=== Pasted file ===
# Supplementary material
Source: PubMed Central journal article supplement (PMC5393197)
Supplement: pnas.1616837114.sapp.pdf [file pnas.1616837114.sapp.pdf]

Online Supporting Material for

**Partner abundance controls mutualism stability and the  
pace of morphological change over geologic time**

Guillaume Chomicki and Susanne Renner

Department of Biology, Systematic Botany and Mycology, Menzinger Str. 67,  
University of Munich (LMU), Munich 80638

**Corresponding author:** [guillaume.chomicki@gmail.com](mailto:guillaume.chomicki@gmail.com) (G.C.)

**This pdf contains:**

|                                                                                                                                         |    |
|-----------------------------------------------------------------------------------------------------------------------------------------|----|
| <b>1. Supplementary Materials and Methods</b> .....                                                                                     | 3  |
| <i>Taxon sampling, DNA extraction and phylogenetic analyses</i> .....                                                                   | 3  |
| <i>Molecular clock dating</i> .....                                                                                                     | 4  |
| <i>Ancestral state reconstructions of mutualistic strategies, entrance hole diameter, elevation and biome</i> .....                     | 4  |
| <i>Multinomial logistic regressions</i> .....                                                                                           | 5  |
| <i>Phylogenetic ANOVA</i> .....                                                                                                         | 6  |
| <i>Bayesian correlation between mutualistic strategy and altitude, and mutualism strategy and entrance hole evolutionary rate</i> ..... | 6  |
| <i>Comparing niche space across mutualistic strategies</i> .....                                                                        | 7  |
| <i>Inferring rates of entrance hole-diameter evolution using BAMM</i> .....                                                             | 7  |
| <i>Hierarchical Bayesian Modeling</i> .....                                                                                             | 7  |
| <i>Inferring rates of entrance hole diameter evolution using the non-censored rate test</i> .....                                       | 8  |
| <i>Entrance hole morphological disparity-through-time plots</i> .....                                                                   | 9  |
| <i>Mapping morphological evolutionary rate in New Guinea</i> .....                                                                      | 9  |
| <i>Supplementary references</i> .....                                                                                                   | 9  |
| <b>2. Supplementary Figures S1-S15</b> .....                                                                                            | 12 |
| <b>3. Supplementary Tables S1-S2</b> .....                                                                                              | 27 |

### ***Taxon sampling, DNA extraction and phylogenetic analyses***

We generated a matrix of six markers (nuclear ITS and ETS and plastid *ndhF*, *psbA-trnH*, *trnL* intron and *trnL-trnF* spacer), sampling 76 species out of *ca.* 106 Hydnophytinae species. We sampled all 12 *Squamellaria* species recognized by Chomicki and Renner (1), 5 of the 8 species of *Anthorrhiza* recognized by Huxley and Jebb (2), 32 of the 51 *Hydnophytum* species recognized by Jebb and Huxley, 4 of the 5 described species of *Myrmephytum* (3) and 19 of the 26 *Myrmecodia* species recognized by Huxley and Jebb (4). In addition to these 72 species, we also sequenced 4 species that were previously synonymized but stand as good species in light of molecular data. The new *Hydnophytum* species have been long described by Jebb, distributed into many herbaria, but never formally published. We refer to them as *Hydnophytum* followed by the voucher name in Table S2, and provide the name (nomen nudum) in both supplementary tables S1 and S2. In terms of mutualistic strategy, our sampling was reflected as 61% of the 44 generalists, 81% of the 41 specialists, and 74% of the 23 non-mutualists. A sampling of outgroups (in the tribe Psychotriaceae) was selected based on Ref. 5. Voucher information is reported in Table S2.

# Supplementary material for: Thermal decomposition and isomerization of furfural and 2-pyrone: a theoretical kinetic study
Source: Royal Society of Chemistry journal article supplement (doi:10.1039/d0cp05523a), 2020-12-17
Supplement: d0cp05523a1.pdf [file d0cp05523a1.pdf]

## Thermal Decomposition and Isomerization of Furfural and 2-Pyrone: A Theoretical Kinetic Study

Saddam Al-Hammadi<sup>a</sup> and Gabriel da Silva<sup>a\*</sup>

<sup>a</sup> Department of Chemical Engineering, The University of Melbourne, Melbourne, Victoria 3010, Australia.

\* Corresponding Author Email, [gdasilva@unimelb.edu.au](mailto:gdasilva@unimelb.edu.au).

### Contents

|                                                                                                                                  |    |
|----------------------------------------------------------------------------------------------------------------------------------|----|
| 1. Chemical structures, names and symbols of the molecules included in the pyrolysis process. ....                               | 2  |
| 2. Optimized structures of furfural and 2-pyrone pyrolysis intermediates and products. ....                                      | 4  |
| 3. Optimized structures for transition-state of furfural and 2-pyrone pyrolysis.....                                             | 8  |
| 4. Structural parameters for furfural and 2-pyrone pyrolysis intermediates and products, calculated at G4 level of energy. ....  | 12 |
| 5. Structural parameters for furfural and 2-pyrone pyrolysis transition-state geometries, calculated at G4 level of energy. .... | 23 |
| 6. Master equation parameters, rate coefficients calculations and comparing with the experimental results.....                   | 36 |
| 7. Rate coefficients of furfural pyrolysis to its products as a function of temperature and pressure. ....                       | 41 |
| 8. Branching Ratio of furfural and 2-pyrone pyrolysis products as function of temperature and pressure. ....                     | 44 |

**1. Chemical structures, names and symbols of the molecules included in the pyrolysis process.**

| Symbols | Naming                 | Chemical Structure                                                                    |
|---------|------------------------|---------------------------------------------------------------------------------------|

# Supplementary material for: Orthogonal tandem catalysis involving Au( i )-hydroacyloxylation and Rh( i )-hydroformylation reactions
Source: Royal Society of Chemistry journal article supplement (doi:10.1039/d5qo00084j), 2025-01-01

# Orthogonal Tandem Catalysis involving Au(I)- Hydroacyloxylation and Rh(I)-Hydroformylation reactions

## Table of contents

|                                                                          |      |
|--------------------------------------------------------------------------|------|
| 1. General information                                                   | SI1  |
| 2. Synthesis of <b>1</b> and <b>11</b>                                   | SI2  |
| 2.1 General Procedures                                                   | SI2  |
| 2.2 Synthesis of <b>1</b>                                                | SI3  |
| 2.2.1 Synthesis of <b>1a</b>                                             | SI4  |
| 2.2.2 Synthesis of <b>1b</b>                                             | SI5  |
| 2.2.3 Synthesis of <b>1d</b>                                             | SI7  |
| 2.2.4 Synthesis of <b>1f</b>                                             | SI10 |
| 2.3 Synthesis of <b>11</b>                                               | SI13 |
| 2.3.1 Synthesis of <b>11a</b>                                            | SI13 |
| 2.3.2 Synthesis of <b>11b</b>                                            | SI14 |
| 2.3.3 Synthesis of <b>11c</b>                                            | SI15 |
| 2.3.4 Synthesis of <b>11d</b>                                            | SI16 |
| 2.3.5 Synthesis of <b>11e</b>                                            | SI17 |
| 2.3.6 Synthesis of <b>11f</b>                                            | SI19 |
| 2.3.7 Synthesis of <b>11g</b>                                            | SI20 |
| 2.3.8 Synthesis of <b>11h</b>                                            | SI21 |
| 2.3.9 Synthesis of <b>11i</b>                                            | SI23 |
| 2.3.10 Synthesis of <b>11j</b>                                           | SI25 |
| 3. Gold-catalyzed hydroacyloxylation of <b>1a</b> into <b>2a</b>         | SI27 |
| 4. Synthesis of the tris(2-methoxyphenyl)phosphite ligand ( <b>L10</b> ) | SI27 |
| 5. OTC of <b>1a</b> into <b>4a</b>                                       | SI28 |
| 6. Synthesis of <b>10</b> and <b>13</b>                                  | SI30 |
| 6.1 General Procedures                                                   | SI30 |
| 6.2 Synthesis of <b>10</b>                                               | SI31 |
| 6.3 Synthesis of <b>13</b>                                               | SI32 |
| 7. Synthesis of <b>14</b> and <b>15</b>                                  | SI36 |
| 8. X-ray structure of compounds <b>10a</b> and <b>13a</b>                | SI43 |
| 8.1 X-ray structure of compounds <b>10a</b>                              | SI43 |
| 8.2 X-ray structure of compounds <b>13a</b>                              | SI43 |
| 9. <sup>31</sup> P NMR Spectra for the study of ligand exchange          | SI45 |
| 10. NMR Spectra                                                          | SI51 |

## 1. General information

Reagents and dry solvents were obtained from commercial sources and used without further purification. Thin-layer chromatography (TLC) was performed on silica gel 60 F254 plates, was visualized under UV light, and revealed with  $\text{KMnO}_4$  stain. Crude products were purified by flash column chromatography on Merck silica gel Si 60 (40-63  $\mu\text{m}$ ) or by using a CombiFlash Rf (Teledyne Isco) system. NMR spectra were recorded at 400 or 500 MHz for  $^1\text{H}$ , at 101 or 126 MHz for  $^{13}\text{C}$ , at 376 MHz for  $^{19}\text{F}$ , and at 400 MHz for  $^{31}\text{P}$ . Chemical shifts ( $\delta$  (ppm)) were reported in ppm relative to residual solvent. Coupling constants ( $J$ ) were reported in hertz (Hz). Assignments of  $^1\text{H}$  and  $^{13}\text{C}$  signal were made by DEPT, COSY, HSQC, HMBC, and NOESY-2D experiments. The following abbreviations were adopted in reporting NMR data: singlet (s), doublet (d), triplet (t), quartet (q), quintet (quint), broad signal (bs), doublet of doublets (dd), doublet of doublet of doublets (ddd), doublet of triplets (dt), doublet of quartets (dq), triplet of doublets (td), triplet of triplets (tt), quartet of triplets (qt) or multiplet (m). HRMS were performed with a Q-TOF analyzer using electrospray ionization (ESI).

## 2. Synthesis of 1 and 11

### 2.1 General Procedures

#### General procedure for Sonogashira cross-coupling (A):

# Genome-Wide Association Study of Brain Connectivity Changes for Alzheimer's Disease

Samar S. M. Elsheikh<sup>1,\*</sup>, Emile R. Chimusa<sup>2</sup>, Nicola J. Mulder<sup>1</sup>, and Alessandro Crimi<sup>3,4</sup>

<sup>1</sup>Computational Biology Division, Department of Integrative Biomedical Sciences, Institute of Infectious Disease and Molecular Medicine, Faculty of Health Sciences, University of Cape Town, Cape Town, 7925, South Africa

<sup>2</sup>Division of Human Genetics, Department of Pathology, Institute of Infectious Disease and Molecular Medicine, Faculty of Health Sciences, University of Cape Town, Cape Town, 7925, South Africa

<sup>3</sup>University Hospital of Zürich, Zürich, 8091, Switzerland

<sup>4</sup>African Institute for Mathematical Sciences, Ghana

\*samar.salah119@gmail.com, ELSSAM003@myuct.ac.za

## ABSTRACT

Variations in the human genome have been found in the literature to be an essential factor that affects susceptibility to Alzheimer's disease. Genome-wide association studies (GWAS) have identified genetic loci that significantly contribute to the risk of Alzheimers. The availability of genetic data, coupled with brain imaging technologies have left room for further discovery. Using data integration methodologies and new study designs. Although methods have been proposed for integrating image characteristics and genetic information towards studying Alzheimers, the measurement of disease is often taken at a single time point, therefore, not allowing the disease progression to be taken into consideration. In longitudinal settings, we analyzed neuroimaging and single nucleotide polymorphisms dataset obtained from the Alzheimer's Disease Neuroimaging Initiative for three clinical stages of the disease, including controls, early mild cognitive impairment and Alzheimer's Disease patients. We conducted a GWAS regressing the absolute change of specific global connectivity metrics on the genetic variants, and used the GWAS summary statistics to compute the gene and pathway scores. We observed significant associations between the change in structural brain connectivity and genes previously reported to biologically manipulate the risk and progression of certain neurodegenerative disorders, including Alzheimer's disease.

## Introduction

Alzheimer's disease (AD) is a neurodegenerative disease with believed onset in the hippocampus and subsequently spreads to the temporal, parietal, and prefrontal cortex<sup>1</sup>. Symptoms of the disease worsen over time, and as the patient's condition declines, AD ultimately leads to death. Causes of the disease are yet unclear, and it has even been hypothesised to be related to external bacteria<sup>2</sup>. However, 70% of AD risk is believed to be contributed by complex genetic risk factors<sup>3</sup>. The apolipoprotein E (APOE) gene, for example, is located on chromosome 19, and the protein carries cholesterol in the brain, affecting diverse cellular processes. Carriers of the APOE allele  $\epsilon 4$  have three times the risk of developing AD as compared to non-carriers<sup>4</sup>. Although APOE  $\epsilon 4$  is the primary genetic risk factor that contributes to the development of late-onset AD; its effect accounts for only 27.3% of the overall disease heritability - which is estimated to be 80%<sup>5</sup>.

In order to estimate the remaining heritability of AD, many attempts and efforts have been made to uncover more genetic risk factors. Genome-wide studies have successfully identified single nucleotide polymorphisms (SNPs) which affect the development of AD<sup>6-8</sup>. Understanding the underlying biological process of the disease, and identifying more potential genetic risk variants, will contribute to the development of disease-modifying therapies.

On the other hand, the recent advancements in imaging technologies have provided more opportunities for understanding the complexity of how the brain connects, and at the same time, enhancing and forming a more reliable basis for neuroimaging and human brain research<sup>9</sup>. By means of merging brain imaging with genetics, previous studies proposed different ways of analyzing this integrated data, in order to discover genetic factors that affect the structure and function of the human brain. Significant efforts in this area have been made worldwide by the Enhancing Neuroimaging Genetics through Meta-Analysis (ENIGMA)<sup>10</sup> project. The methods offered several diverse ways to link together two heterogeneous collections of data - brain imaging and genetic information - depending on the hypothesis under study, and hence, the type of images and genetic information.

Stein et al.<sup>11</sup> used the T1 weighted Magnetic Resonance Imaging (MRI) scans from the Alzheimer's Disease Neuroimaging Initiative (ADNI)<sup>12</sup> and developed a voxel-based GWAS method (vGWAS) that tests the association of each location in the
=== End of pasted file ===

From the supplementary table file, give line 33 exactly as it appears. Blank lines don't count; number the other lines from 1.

Source: Royal Society of Chemistry journal article supplement (doi:10.1039/d0cp05523a), 2020-12-17